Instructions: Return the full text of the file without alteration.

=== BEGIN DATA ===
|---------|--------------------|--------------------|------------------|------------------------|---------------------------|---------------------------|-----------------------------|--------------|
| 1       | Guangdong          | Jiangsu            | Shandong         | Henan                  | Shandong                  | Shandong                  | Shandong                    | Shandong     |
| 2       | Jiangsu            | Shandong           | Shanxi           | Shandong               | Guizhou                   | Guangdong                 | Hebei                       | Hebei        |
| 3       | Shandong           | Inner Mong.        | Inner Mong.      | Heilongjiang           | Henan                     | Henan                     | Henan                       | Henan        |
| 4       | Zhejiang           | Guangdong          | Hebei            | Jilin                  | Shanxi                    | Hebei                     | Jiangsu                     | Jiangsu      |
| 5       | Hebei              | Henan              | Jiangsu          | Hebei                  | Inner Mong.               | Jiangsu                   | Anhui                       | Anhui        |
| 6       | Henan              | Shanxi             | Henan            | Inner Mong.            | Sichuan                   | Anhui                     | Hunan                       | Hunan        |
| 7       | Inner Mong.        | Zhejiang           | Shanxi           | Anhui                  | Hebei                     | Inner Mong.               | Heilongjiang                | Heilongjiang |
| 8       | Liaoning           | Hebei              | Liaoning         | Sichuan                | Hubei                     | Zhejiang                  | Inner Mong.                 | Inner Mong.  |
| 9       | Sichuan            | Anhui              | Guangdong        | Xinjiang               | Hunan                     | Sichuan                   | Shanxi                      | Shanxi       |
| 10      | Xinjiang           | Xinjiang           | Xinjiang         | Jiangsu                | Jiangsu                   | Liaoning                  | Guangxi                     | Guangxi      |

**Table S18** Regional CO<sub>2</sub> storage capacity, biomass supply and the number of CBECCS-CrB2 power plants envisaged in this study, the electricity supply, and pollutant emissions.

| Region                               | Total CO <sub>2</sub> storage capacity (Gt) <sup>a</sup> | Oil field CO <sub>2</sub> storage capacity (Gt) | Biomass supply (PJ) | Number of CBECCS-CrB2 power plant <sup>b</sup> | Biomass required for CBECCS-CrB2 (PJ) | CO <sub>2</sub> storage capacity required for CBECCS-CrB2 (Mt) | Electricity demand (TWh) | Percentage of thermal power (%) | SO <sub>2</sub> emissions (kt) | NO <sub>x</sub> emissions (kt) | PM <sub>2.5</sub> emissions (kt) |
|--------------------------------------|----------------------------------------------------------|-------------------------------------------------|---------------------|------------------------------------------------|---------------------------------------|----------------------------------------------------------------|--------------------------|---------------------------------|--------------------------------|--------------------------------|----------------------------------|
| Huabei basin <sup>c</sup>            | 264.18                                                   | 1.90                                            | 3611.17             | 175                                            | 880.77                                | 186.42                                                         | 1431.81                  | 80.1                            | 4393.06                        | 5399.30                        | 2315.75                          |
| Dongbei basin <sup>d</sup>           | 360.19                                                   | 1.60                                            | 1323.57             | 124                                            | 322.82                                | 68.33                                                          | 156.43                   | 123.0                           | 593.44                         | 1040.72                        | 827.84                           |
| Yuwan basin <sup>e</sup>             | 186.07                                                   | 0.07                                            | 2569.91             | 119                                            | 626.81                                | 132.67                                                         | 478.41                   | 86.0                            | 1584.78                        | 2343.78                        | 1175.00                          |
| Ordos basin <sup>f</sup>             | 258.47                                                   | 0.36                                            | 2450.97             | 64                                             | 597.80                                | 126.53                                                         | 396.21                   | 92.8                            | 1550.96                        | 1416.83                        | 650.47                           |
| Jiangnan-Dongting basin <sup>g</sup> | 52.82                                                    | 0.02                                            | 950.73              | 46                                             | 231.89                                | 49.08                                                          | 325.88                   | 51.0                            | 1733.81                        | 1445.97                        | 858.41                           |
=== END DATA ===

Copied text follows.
|---------|--------------------|--------------------|------------------|------------------------|---------------------------|---------------------------|-----------------------------|--------------|
| 1       | Guangdong          | Jiangsu            | Shandong         | Henan                  | Shandong                  | Shandong                  | Shandong                    | Shandong     |
| 2       | Jiangsu            | Shandong           | Shanxi           | Shandong               | Guizhou                   | Guangdong                 | Hebei                       | Hebei        |
| 3       | Shandong           | Inner Mong.        | Inner Mong.      | Heilongjiang           | Henan                     | Henan                     | Henan                       | Henan        |
| 4       | Zhejiang           | Guangdong          | Hebei            | Jilin                  | Shanxi                    | Hebei                     | Jiangsu                     | Jiangsu      |
| 5       | Hebei              | Henan              | Jiangsu          | Hebei                  | Inner Mong.               | Jiangsu                   | Anhui                       | Anhui        |
| 6       | Henan              | Shanxi             | Henan            | Inner Mong.            | Sichuan                   | Anhui                     | Hunan                       | Hunan        |
| 7       | Inner Mong.        | Zhejiang           | Shanxi           | Anhui                  | Hebei                     | Inner Mong.               | Heilongjiang                | Heilongjiang |
| 8       | Liaoning           | Hebei              | Liaoning         | Sichuan                | Hubei                     | Zhejiang                  | Inner Mong.                 | Inner Mong.  |
| 9       | Sichuan            | Anhui              | Guangdong        | Xinjiang               | Hunan                     | Sichuan                   | Shanxi                      | Shanxi       |
| 10      | Xinjiang           | Xinjiang           | Xinjiang         | Jiangsu                | Jiangsu                   | Liaoning                  | Guangxi                     | Guangxi      |

**Table S18** Regional CO<sub>2</sub> storage capacity, biomass supply and the number of CBECCS-CrB2 power plants envisaged in this study, the electricity supply, and pollutant emissions.

| Region                               | Total CO <sub>2</sub> storage capacity (Gt) <sup>a</sup> | Oil field CO <sub>2</sub> storage capacity (Gt) | Biomass supply (PJ) | Number of CBECCS-CrB2 power plant <sup>b</sup> | Biomass required for CBECCS-CrB2 (PJ) | CO <sub>2</sub> storage capacity required for CBECCS-CrB2 (Mt) | Electricity demand (TWh) | Percentage of thermal power (%) | SO <sub>2</sub> emissions (kt) | NO <sub>x</sub> emissions (kt) | PM <sub>2.5</sub> emissions (kt) |
|--------------------------------------|----------------------------------------------------------|-------------------------------------------------|---------------------|------------------------------------------------|---------------------------------------|----------------------------------------------------------------|--------------------------|---------------------------------|--------------------------------|--------------------------------|----------------------------------|
| Huabei basin <sup>c</sup>            | 264.18                                                   | 1.90                                            | 3611.17             | 175                                            | 880.77                                | 186.42                                                         | 1431.81                  | 80.1                            | 4393.06                        | 5399.30                        | 2315.75                          |
| Dongbei basin <sup>d</sup>           | 360.19                                                   | 1.60                                            | 1323.57             | 124                                            | 322.82                                | 68.33                                                          | 156.43                   | 123.0                           | 593.44                         | 1040.72                        | 827.84                           |
| Yuwan basin <sup>e</sup>             | 186.07                                                   | 0.07                                            | 2569.91             | 119                                            | 626.81                                | 132.67                                                         | 478.41                   | 86.0                            | 1584.78                        | 2343.78                        | 1175.00                          |
| Ordos basin <sup>f</sup>             | 258.47                                                   | 0.36                                            | 2450.97             | 64                                             | 597.80                                | 126.53                                                         | 396.21                   | 92.8                            | 1550.96                        | 1416.83                        | 650.47                           |
| Jiangnan-Dongting basin <sup>g</sup> | 52.82                                                    | 0.02                                            | 950.73              | 46                                             | 231.89                                | 49.08                                                          | 325.88                   | 51.0                            | 1733.81                        | 1445.97                        | 858.41                           |